# For any positive integer $n>3$, there exists at least $1$ integer $k$ such that $n+k$ and $n-k$ are primes.

How to prove the following conjecture:

For any positive integer $$n>3$$, there exists at least $$1$$ integer $$k$$ such that $$n+k$$ and $$n-k$$ are both primes.

Any hint, idea or reference would be greatly appreciated!

• Do you mean that $n+k$ AND $n-k$ are prime or just $n+k$ OR $n-k$ is prime? – stressed out Jan 2 at 0:28
• both are primes – François Huppé Jan 2 at 0:32
• But then it's false for $n<3$. Isn't it? – stressed out Jan 2 at 0:32
• @stressed you are right – François Huppé Jan 2 at 0:35

I suspect the OP means $$n + k$$ AND $$n - k$$. If so, this is the same as the strong Goldbach conjecture, which is a very well-known unsolved problem. In particular, if $$n + k$$ and $$n - k$$ are both prime, their sum is $$2n$$. Also, every positive even integer $$\gt 2$$ is of the form $$2n$$, for some positive integer $$n$$. Thus, if the OP's conjecture holds, so does the Goldbach conjecture.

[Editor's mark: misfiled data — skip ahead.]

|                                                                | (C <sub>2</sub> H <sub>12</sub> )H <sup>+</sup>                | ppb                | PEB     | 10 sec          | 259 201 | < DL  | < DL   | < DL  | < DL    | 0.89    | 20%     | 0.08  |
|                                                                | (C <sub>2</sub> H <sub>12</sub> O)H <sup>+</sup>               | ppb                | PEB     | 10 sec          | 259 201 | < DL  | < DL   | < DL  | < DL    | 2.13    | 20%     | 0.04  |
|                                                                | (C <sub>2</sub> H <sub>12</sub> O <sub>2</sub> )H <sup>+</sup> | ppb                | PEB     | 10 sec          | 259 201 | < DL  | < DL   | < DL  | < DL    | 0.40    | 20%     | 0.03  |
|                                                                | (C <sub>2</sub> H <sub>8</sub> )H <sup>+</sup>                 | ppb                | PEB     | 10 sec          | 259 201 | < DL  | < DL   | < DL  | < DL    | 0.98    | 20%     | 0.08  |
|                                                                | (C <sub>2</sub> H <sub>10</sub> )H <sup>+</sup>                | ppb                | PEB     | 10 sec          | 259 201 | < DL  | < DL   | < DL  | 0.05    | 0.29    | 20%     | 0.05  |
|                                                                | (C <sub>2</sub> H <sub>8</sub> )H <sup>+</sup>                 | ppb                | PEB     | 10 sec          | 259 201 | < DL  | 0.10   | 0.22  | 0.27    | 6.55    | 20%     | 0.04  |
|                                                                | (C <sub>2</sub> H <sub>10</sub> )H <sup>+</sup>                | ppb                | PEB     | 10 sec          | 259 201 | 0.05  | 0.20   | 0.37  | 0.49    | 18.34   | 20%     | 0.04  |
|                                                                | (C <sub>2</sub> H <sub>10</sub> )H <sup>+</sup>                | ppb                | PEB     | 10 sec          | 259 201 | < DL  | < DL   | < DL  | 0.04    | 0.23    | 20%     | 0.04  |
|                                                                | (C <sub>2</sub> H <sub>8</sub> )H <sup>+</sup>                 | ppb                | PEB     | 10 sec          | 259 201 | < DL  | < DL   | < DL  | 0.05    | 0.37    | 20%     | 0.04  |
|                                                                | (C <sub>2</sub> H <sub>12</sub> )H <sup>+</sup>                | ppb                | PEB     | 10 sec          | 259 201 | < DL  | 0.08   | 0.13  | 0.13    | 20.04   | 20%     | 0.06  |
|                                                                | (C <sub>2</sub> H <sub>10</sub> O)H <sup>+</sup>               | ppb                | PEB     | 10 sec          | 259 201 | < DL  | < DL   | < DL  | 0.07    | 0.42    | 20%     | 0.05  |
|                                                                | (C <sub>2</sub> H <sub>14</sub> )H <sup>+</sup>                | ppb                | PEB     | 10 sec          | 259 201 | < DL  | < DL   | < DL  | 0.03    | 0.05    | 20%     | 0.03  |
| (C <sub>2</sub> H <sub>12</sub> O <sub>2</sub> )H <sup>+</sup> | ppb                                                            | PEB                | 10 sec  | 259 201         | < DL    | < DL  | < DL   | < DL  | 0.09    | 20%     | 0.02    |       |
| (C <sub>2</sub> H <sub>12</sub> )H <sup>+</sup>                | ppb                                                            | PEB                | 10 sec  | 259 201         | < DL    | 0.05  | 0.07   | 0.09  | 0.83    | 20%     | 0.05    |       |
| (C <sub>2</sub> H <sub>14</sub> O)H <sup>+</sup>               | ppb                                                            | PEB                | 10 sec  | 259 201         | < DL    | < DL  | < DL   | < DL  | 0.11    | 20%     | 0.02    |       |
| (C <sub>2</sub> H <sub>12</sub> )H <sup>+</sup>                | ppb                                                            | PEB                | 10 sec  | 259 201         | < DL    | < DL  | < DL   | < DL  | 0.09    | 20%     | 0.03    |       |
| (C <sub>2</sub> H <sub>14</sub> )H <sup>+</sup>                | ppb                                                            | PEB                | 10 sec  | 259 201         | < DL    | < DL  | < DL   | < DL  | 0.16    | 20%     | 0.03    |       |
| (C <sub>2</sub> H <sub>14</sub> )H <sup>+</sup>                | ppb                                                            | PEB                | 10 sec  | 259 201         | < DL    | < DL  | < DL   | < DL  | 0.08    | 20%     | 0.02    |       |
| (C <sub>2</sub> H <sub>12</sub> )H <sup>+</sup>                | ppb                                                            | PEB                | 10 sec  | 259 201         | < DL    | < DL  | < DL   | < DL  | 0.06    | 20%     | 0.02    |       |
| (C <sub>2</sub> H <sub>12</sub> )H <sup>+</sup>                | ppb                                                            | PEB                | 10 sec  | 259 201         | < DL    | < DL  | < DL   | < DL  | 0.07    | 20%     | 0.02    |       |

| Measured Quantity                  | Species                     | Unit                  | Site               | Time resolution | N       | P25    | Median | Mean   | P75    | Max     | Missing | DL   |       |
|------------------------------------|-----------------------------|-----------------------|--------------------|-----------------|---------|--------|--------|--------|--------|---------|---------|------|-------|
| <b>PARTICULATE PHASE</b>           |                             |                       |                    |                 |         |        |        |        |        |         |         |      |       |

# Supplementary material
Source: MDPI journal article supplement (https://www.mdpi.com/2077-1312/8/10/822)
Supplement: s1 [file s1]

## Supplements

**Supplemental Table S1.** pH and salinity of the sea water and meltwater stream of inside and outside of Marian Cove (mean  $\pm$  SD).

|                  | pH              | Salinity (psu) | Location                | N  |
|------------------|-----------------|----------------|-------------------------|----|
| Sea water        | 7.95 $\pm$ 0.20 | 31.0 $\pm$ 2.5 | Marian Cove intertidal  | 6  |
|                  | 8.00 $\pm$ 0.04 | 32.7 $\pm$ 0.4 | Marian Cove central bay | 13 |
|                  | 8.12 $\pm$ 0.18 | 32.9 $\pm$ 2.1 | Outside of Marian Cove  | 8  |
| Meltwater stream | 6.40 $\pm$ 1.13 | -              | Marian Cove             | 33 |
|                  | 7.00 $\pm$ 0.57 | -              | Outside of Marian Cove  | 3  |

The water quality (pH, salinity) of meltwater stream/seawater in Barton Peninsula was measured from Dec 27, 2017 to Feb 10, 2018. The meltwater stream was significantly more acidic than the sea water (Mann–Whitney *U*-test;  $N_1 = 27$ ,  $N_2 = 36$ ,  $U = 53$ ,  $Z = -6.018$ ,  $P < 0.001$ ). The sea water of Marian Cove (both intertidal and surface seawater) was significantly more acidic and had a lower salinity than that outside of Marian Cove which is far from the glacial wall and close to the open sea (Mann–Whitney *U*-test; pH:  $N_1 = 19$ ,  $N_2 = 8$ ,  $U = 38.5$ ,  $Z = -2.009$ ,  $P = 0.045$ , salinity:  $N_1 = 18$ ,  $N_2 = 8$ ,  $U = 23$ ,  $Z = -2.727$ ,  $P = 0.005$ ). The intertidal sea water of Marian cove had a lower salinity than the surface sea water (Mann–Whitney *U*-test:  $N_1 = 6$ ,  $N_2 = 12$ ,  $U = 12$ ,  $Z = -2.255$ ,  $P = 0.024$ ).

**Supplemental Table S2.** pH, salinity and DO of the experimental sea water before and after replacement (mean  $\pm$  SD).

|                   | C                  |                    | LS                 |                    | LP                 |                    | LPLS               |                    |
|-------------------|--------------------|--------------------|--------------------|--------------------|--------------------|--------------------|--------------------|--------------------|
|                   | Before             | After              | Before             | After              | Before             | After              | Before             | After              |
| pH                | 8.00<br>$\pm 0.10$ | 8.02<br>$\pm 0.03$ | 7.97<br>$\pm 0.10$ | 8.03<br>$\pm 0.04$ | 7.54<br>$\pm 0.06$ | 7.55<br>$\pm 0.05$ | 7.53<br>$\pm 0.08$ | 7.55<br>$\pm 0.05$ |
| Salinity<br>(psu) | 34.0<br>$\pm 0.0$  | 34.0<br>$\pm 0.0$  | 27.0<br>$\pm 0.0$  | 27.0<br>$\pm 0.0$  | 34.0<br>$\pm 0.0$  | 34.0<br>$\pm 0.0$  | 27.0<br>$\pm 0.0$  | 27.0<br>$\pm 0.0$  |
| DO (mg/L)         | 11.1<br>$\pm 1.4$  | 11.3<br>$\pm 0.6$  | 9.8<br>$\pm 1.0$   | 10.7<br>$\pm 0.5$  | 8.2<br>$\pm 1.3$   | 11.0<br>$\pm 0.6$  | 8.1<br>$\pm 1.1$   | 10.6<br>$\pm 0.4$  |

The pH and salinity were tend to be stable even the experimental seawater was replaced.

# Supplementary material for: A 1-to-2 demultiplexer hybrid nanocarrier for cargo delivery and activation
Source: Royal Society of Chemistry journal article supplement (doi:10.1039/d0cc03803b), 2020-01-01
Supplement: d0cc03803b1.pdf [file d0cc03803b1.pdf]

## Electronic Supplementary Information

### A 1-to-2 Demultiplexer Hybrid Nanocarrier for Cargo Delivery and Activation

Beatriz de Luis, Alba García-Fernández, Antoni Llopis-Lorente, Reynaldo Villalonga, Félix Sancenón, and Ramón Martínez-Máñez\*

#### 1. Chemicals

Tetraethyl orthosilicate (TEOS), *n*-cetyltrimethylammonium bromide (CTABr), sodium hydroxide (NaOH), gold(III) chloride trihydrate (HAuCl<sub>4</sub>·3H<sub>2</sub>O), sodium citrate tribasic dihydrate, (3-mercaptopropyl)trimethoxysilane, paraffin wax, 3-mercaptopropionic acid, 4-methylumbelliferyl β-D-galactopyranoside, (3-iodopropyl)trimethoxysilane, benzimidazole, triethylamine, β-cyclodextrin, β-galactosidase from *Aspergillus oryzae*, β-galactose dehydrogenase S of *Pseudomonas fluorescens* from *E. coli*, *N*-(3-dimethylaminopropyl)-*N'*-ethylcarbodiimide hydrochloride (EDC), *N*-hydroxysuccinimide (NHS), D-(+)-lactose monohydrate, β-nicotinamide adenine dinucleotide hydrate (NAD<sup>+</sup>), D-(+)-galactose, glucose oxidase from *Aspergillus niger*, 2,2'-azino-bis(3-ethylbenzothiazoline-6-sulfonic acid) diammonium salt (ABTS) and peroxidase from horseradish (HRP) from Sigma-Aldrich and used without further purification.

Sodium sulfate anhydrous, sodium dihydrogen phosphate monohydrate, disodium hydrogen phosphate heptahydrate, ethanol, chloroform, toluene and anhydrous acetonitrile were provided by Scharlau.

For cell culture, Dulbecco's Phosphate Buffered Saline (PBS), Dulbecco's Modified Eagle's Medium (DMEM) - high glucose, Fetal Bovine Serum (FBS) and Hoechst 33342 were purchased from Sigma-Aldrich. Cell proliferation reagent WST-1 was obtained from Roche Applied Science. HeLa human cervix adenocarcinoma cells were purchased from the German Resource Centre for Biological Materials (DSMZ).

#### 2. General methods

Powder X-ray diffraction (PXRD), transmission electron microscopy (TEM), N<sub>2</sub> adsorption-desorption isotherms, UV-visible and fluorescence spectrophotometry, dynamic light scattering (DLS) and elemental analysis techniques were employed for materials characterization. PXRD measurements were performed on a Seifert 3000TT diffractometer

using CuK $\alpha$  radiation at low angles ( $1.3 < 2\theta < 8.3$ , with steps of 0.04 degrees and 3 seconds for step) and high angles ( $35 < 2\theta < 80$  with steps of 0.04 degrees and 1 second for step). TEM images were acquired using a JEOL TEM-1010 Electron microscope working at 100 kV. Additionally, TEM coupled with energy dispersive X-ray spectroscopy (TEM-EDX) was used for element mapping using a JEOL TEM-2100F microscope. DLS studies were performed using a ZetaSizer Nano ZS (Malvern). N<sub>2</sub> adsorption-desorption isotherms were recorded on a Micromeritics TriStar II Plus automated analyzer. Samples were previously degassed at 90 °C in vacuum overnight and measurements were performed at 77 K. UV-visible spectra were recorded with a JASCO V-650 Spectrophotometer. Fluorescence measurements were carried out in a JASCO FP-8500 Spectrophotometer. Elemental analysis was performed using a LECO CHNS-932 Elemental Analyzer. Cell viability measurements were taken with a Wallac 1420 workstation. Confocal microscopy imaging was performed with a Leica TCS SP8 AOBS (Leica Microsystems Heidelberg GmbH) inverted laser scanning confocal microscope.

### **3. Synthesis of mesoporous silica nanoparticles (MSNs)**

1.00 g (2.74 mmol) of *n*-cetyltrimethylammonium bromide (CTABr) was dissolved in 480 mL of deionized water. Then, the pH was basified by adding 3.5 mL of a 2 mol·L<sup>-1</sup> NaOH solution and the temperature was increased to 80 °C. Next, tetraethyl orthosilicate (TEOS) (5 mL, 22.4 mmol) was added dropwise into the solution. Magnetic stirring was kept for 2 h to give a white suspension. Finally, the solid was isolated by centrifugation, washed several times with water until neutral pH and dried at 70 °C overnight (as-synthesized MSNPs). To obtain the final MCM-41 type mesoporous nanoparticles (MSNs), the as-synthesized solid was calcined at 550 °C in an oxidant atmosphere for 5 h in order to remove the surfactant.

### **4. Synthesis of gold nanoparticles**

• @FrançoisHuppé No worries about your earlier comment. Also, I originally thought your question said $k$ is a positive integer. Perhaps it did then but was changed since as I see the question has an edit time after my answer. Regardless, as the question text now does not require this, it means your conjecture is the same as the Goldbach one, so I have changed my answer accordingly to no longer say yours is a slightly stronger conjecture. – John Omielan Jan 2 at 7:58
Okay, here's one pertinent result: http://oeis.org/A020483 Least prime $$p$$ such that $$p + 2n$$ is also prime. According to Jens Kruse Andersen, "It is conjectured that $$a(n)$$ always exists."